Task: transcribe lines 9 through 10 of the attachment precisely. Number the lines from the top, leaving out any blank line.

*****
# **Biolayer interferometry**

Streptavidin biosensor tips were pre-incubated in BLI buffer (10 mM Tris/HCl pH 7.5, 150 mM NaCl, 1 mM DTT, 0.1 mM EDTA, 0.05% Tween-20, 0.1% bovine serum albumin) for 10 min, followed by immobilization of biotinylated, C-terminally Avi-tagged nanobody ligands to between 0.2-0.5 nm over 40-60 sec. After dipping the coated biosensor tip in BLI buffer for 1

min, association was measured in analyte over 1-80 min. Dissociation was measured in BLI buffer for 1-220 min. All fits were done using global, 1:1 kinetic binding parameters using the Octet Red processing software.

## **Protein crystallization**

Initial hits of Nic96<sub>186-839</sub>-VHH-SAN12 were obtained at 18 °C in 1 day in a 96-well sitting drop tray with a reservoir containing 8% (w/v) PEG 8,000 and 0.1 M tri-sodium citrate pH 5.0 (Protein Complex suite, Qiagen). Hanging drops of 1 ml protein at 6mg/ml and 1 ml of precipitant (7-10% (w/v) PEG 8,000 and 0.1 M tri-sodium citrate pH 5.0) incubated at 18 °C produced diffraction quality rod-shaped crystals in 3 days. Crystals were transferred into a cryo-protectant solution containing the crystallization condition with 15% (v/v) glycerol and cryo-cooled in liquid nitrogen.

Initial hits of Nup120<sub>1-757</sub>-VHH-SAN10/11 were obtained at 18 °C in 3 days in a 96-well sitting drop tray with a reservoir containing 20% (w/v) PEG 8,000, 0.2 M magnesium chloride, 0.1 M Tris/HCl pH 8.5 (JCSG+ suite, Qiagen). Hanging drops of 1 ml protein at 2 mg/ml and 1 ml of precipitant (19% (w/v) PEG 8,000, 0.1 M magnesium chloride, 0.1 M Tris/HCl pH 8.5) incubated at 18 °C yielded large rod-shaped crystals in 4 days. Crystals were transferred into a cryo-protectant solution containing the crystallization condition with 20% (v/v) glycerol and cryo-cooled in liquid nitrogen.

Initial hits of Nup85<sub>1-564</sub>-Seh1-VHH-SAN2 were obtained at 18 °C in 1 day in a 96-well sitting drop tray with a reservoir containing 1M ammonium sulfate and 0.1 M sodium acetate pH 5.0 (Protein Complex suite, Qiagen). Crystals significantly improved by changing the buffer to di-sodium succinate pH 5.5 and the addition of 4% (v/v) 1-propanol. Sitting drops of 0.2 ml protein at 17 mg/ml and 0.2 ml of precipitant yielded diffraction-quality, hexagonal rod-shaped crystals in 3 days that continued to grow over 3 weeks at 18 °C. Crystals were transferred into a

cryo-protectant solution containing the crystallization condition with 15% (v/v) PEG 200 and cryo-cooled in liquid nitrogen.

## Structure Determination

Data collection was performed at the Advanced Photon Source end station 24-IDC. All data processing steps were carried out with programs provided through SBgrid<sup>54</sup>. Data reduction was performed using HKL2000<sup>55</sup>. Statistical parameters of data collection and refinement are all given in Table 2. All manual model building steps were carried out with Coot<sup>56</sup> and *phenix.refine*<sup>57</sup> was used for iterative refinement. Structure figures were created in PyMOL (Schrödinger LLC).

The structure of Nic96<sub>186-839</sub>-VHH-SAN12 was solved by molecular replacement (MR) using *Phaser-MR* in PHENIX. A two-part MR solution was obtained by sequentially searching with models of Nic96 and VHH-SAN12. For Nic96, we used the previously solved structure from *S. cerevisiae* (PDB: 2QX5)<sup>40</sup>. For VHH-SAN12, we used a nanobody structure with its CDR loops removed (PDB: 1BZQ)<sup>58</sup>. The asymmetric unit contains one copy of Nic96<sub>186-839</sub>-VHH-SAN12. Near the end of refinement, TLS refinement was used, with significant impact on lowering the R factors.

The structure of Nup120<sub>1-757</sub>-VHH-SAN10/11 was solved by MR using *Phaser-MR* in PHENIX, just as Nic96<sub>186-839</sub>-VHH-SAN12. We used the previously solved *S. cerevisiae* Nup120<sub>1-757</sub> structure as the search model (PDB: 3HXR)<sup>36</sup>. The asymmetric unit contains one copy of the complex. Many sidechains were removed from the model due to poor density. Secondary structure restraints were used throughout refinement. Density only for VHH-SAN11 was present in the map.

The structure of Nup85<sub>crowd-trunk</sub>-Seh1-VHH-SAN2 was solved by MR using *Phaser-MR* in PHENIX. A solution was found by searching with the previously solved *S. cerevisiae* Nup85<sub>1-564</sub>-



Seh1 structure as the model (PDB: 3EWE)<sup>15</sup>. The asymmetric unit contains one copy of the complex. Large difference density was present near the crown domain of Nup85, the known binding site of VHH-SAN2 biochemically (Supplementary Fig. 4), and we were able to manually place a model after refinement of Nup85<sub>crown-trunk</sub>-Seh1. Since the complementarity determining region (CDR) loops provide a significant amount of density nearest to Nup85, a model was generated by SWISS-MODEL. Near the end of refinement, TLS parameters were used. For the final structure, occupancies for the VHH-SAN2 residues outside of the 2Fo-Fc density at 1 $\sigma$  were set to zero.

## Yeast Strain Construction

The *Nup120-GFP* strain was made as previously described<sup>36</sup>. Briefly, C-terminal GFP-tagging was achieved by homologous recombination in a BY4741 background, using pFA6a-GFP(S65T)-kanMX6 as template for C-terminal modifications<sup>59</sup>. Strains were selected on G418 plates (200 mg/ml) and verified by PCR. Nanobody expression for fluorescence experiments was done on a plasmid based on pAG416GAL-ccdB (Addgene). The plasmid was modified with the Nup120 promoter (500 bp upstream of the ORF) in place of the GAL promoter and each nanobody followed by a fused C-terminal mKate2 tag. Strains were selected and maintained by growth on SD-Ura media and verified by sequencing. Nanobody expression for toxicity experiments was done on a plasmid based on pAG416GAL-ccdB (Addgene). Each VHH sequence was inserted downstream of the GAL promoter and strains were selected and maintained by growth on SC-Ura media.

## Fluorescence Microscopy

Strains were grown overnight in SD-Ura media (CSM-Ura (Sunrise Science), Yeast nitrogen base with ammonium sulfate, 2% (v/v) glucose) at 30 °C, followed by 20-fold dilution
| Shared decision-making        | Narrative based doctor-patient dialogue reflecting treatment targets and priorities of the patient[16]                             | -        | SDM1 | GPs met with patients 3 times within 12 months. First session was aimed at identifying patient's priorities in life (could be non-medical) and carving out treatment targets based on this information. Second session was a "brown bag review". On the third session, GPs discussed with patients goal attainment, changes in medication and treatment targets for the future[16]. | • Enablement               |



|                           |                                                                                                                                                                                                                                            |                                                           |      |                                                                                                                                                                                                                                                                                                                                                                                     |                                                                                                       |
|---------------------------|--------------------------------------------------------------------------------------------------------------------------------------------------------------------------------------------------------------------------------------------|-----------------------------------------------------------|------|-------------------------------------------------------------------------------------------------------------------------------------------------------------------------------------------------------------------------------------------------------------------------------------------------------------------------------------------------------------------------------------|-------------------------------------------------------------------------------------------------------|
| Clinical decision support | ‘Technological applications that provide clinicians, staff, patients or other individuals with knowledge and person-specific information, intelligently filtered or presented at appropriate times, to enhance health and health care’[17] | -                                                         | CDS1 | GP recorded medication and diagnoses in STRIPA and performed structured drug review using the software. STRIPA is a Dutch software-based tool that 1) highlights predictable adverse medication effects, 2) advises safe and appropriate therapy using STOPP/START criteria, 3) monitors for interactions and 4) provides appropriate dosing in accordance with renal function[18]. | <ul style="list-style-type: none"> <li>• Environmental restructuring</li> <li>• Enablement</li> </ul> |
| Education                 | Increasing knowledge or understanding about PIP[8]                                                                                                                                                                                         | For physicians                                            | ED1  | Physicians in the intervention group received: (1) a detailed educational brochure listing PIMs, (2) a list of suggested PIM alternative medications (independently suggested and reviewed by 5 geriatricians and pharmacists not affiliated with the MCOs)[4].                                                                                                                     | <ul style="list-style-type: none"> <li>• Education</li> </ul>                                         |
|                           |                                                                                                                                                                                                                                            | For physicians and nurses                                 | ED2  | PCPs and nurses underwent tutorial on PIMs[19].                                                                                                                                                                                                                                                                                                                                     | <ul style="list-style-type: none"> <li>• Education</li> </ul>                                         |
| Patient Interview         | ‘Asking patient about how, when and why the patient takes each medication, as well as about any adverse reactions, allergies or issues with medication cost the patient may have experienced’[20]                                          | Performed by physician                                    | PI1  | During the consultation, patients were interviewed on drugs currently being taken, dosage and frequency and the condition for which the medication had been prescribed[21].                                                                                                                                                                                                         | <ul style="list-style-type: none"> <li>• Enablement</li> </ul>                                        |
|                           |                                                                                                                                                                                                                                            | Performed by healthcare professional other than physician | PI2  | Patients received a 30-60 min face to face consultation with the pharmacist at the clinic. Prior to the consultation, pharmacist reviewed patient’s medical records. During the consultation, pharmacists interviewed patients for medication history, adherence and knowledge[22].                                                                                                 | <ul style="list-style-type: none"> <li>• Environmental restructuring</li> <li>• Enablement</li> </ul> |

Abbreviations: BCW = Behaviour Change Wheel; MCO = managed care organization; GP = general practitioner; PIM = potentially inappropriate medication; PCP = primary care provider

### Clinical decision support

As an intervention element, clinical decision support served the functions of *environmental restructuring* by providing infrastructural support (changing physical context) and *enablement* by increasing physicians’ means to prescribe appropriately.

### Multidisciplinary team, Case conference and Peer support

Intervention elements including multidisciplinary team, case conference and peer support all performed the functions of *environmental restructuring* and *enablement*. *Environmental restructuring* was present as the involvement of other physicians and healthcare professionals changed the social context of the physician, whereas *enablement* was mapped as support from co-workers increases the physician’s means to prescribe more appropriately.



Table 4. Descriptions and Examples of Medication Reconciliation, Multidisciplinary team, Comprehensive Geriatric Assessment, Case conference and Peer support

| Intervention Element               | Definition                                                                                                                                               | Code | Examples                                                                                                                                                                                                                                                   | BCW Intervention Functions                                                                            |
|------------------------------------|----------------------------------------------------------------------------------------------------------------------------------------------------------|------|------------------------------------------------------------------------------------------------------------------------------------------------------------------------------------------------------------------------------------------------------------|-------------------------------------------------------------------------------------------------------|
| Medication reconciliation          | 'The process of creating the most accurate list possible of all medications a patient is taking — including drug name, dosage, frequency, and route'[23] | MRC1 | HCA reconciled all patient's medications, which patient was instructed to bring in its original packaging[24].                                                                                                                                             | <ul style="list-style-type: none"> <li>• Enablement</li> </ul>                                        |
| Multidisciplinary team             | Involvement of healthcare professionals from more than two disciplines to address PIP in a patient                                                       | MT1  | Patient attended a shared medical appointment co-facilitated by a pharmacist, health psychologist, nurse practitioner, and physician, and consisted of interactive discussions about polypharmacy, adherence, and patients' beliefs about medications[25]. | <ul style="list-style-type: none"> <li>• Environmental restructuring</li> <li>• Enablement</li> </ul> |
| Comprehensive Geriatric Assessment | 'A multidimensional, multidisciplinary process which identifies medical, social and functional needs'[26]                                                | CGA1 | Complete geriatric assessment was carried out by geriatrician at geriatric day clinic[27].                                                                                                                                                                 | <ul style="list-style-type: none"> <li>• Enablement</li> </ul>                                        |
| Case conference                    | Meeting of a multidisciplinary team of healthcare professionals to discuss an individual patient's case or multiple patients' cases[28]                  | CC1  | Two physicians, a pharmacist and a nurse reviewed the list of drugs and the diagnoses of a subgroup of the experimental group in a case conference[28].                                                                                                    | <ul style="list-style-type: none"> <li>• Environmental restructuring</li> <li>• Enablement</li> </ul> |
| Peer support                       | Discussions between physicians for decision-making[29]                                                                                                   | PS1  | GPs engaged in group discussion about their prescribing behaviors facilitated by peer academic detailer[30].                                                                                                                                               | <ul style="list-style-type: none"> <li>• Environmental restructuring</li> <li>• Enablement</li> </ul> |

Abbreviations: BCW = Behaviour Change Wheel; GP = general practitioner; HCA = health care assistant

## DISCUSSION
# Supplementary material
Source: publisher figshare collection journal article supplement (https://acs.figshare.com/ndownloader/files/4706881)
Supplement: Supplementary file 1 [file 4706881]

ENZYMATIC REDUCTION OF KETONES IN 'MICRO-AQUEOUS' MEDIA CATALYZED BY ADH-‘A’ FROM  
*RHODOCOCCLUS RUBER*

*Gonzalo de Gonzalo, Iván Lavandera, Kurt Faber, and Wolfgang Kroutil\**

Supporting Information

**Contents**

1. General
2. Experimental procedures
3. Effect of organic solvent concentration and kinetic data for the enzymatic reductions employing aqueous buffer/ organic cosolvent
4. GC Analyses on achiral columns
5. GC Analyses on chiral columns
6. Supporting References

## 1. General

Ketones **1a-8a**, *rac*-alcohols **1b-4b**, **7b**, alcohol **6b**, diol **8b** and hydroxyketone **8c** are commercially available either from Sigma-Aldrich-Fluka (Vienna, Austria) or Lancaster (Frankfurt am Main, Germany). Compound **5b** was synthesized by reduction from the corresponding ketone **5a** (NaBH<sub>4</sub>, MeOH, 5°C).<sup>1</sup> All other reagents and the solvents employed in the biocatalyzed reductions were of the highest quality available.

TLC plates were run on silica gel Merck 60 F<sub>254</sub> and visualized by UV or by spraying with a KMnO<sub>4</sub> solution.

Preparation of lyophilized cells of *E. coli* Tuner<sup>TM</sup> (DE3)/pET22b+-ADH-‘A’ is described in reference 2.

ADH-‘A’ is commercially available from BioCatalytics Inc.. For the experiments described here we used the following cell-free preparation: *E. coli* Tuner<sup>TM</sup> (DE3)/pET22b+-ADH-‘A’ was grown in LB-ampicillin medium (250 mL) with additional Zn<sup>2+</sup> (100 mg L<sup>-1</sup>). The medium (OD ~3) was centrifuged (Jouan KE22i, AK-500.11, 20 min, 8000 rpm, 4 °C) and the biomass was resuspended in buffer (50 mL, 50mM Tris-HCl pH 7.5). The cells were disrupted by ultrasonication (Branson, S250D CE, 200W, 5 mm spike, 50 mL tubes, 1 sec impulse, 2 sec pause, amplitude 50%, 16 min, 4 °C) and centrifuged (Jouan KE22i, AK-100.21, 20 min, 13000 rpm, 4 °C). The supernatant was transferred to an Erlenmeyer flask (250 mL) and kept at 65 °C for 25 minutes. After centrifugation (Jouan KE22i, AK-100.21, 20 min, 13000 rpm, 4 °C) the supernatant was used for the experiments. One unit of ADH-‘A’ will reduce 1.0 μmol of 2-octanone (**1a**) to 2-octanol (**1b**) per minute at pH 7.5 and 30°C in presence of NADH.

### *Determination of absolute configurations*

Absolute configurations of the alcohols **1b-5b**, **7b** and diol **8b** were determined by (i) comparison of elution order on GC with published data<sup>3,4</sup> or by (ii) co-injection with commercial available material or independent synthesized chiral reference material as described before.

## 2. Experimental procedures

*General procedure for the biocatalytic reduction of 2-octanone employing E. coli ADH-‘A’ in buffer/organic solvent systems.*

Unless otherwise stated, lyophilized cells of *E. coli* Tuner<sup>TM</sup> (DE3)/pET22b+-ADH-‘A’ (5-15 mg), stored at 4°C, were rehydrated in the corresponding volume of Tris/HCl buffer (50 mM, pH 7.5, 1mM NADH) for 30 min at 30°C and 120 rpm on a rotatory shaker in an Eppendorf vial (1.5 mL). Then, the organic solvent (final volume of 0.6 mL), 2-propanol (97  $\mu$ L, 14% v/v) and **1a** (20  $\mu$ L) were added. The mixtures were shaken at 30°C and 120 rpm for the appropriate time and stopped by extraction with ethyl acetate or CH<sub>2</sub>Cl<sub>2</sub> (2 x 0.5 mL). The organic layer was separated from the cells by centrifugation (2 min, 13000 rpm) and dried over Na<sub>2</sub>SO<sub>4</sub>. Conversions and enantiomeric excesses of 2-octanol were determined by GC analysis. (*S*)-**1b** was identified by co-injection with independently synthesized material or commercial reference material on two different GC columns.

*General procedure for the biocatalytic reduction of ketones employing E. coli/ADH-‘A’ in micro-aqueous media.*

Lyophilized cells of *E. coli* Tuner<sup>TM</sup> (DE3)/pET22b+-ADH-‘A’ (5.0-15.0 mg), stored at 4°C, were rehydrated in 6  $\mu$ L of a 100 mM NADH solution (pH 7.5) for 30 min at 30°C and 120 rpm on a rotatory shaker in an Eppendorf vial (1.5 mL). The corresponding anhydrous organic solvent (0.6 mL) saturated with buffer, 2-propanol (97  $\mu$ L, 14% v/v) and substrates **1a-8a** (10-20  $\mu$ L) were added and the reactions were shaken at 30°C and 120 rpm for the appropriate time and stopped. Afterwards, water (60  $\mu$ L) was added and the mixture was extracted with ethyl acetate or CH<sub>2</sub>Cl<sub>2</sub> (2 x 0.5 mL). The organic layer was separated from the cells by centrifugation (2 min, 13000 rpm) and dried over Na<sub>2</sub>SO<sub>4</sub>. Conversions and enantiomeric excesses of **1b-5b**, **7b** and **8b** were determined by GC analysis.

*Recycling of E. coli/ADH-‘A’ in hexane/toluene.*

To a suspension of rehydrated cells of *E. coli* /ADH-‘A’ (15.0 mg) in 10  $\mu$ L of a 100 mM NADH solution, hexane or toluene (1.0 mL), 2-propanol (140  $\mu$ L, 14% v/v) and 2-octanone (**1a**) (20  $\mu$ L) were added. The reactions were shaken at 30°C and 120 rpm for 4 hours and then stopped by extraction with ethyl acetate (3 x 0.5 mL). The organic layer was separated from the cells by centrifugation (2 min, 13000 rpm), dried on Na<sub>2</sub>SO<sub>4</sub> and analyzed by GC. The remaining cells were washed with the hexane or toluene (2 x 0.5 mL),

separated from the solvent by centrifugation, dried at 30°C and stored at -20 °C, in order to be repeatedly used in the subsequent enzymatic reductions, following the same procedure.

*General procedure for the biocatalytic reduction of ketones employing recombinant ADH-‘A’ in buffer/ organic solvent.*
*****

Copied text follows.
## Structure Determination

Data collection was performed at the Advanced Photon Source end station 24-IDC. All data processing steps were carried out with programs provided through SBgrid<sup>54</sup>. Data reduction was performed using HKL2000<sup>55</sup>. Statistical parameters of data collection and refinement are all given in Table 2. All manual model building steps were carried out with Coot<sup>56</sup> and *phenix.refine*<sup>57</sup> was used for iterative refinement. Structure figures were created in PyMOL (Schrödinger LLC).